The next US administration should help businesses build resilient supply chains through nearshoring, according to a report.
The report, by law firm Baker McKenzie, said the government should align policies with business's strategies to diversify supply and decrease risks by localising production and using more suppliers from nearby countries including Columbia and Mexico.
President-elect Joe Biden, due to be inaugurated as the 46th president on 20 January, has made it a future priority to collaborate with the Americas to make supply chains stronger and improve productivity and trade.
Certainty around tax, trade, and labour policies is also needed to help businesses make faster decisions around “investments, commercial contracts, and overall supply chain strategy”, said the report.
Christina Conlin, partner of the International Commercial Practice Group at Baker McKenzie, said: “Supply chain stability and resilience can be enhanced by the US administration providing quick, clear guidance on its intended tax, labour, and trade policies to support diversification of the supply chain.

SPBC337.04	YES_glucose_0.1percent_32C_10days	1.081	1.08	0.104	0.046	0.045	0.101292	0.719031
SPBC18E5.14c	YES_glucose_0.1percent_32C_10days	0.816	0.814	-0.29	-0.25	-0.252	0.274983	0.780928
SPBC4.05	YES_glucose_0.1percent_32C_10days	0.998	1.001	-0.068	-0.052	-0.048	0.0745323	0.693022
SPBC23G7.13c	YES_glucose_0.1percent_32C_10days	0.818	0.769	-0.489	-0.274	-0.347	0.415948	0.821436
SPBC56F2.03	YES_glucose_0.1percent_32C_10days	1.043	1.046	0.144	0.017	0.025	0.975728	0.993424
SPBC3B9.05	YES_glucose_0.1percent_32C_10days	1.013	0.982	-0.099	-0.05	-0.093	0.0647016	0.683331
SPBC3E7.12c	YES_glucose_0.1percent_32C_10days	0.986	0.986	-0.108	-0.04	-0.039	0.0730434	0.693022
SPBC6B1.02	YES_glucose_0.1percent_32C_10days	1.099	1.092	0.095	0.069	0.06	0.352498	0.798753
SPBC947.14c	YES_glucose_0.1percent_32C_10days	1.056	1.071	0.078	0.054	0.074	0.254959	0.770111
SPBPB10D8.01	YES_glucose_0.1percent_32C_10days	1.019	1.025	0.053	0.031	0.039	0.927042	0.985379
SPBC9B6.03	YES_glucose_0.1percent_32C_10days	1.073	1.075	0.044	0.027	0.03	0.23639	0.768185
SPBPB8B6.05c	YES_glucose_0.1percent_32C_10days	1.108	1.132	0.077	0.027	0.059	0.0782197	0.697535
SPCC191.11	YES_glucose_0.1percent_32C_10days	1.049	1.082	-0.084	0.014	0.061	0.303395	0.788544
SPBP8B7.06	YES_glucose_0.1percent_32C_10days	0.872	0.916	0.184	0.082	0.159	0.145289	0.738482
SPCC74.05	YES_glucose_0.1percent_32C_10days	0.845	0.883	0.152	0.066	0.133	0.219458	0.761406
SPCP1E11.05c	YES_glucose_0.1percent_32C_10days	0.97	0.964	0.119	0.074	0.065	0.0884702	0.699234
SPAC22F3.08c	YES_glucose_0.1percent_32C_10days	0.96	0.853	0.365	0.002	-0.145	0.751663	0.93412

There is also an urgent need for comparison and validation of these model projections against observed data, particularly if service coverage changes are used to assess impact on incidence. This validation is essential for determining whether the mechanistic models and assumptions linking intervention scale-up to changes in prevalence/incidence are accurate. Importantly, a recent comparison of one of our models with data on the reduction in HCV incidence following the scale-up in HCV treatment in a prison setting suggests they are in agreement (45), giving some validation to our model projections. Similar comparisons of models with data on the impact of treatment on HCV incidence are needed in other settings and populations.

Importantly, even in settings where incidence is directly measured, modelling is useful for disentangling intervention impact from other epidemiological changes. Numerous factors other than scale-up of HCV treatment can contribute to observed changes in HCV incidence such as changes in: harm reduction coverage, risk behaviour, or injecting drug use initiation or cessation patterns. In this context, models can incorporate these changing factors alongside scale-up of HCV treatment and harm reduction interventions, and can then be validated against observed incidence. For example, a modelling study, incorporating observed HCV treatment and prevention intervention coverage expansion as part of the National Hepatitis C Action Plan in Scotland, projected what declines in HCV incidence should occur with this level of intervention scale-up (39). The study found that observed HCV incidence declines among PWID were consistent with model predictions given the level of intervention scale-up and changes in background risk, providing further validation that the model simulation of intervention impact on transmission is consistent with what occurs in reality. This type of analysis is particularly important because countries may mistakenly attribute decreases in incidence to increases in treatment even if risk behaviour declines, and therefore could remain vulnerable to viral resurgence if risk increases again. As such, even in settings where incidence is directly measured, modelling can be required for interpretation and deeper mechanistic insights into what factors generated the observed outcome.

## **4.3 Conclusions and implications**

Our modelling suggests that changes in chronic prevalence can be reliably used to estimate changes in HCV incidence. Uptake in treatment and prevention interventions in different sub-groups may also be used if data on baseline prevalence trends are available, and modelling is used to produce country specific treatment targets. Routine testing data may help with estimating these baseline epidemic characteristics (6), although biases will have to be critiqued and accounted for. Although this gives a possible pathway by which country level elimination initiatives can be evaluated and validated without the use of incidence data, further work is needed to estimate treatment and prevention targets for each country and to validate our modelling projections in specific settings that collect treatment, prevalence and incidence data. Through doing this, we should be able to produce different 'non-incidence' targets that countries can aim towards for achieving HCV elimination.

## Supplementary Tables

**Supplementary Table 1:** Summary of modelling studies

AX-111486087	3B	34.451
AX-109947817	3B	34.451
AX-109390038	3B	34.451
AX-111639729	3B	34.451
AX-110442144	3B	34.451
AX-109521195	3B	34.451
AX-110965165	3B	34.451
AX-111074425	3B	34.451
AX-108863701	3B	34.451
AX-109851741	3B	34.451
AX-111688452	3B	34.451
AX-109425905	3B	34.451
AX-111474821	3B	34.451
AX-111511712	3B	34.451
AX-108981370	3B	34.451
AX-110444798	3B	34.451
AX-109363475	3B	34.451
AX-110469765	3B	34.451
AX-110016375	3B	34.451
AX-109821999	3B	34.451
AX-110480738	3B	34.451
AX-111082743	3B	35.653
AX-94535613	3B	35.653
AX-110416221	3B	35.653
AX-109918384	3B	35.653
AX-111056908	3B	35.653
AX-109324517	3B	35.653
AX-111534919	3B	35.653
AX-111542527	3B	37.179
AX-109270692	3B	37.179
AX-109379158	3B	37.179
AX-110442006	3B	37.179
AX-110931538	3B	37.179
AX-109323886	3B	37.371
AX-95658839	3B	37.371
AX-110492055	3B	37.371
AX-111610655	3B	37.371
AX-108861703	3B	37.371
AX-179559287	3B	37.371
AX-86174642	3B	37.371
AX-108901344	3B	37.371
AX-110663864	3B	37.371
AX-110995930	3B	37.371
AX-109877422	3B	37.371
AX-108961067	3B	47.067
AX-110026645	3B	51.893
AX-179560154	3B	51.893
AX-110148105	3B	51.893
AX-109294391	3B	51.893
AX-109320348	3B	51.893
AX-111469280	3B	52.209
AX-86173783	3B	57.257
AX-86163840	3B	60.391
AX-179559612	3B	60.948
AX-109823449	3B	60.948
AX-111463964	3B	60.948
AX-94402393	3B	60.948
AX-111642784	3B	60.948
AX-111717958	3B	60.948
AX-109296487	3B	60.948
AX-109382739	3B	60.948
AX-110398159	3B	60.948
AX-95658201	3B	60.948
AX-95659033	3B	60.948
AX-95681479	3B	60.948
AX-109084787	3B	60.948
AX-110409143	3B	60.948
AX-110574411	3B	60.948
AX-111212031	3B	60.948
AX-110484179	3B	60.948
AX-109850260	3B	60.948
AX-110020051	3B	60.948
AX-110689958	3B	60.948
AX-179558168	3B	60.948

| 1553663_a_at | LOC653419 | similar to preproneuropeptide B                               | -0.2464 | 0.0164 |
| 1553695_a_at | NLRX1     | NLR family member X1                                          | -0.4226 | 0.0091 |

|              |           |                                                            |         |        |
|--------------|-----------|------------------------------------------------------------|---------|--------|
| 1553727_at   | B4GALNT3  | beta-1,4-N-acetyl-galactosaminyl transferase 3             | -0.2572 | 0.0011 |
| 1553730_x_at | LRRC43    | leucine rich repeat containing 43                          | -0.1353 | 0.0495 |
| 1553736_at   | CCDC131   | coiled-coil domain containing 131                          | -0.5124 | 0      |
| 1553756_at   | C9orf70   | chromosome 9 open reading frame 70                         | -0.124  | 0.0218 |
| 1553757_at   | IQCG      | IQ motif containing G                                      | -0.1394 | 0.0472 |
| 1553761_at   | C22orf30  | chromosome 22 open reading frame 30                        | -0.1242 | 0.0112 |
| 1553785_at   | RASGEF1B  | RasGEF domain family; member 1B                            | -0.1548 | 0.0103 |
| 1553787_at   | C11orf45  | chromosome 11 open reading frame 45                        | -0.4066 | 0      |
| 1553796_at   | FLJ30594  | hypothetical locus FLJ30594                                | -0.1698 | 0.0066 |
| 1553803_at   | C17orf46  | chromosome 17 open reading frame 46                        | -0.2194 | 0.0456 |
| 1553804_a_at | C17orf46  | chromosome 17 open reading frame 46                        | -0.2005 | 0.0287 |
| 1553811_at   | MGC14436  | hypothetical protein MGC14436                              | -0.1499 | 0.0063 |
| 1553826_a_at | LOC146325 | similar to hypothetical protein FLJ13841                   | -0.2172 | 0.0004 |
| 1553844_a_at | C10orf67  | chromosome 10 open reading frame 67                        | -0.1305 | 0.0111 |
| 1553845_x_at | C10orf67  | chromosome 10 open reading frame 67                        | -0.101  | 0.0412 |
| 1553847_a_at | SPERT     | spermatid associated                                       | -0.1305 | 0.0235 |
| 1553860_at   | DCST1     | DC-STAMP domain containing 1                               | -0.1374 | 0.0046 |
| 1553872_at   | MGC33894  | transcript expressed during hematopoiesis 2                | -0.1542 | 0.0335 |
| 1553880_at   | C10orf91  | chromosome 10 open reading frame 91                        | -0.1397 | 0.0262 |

“The disruption from Covid-19 has placed a new emphasis on companies’ strategies for reshoring, nearshoring, or multi-jurisdictional diversification of suppliers. Covid-19 laid bare the need to diversify all tiers of suppliers to more than one location or region.”
The report covered a range of topics addressing how the Biden administration can improve trade, responses to a national emergency, and import and export issues.
It also discussed key future industry supply chain trends and how different elements will contribute to supply chain resilience, including an acceleration of ESG governance and technological innovation.
Jason Marczak, director of the Adrienne Arsht Latin America Center at the Atlantic Council, who contributed to the report, said supply chain resilience could be built through existing trade agreements that ensure “free flow of commerce”, as well as facilitating more “efficient” coordination of supply within regions.
He recommended creating mechanisms to tackle major disruptions in “essential industries” and investing in physical and digital infrastructure.
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